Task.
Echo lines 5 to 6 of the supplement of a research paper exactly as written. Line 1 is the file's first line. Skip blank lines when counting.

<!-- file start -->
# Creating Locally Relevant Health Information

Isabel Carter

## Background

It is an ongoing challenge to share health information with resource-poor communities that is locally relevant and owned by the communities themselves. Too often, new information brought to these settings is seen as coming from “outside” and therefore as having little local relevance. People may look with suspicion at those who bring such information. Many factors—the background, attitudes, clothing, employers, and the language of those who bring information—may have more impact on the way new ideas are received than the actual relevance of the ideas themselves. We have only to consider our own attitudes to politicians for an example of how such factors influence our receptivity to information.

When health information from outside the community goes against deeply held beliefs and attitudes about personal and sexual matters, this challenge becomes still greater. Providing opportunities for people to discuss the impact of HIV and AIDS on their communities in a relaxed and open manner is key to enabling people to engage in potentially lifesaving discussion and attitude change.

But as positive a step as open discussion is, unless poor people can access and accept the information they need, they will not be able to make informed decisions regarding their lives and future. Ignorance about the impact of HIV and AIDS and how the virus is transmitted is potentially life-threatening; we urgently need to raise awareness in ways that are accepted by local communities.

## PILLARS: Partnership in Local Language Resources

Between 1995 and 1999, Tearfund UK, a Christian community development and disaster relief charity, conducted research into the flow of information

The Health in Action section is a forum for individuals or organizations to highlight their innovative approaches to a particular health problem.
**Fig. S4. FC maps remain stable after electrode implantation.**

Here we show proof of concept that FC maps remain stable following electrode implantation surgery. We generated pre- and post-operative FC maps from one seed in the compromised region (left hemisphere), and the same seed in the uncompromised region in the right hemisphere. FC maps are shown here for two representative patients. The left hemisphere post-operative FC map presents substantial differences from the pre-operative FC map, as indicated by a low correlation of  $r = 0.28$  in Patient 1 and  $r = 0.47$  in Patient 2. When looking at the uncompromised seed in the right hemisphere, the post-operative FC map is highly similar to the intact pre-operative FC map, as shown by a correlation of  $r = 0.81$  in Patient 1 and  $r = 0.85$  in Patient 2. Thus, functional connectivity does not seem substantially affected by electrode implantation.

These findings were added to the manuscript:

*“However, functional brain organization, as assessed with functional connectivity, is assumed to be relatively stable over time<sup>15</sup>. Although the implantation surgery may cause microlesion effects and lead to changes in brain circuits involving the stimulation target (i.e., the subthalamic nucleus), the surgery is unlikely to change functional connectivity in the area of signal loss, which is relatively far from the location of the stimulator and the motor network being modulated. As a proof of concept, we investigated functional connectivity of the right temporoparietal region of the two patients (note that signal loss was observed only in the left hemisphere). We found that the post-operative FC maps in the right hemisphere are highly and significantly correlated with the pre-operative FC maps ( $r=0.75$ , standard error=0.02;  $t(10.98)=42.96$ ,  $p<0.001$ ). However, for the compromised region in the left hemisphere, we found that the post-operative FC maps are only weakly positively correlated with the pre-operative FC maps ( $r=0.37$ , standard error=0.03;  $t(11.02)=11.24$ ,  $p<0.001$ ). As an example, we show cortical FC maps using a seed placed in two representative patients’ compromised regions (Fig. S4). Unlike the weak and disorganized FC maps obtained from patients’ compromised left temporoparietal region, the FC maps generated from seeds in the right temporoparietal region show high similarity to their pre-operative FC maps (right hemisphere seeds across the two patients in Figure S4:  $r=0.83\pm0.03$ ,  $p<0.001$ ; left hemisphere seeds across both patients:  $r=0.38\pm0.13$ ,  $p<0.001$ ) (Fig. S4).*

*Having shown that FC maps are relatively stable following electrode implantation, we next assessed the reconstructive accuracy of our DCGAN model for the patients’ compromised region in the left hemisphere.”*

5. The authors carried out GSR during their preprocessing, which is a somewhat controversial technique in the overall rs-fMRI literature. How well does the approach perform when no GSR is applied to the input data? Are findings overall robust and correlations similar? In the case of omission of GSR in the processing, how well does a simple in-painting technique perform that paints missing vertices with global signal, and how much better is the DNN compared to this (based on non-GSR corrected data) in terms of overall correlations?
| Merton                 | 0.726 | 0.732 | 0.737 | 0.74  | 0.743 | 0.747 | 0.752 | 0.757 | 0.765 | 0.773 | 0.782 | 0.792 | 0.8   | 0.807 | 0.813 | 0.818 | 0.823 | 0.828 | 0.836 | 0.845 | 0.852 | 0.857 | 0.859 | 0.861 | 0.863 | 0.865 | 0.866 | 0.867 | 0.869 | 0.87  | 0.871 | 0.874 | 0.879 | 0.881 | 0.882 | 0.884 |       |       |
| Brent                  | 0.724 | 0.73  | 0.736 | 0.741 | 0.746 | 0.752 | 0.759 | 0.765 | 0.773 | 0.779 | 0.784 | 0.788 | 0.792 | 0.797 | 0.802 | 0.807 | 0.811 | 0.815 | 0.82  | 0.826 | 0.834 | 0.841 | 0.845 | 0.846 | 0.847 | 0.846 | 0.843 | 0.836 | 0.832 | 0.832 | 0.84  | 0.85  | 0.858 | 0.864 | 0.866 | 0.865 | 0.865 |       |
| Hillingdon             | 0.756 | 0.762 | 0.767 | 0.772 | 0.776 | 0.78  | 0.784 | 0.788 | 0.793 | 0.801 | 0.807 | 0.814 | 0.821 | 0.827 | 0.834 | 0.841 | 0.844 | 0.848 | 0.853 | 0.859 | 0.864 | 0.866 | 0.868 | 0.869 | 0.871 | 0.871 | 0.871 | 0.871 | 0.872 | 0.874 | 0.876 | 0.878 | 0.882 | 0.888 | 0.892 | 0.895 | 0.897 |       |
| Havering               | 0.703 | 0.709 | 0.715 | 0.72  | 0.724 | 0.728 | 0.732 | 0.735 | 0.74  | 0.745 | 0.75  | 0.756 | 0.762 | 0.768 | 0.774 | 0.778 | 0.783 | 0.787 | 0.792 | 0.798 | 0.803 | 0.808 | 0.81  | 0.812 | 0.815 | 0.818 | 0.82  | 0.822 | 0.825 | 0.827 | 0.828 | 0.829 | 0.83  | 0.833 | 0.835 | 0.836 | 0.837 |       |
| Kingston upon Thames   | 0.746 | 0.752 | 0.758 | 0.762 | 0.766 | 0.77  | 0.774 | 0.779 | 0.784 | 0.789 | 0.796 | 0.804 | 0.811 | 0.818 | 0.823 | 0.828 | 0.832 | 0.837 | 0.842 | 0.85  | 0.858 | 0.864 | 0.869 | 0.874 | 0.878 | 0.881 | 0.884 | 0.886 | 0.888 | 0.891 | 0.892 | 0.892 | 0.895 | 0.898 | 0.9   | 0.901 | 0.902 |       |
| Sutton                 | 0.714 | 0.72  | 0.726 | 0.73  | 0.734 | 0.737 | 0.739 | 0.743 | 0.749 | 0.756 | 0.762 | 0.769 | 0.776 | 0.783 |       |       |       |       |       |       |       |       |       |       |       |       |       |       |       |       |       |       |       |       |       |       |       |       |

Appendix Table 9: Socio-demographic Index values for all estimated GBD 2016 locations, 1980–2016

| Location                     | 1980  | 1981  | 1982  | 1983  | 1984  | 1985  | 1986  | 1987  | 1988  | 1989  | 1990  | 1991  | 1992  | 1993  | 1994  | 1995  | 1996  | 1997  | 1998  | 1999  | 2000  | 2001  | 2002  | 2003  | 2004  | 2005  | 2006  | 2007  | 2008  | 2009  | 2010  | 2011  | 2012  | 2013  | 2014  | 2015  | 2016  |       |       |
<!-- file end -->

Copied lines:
When health information from outside the community goes against deeply held beliefs and attitudes about personal and sexual matters, this challenge becomes still greater. Providing opportunities for people to discuss the impact of HIV and AIDS on their communities in a relaxed and open manner is key to enabling people to engage in potentially lifesaving discussion and attitude change.

But as positive a step as open discussion is, unless poor people can access and accept the information they need, they will not be able to make informed decisions regarding their lives and future. Ignorance about the impact of HIV and AIDS and how the virus is transmitted is potentially life-threatening; we urgently need to raise awareness in ways that are accepted by local communities.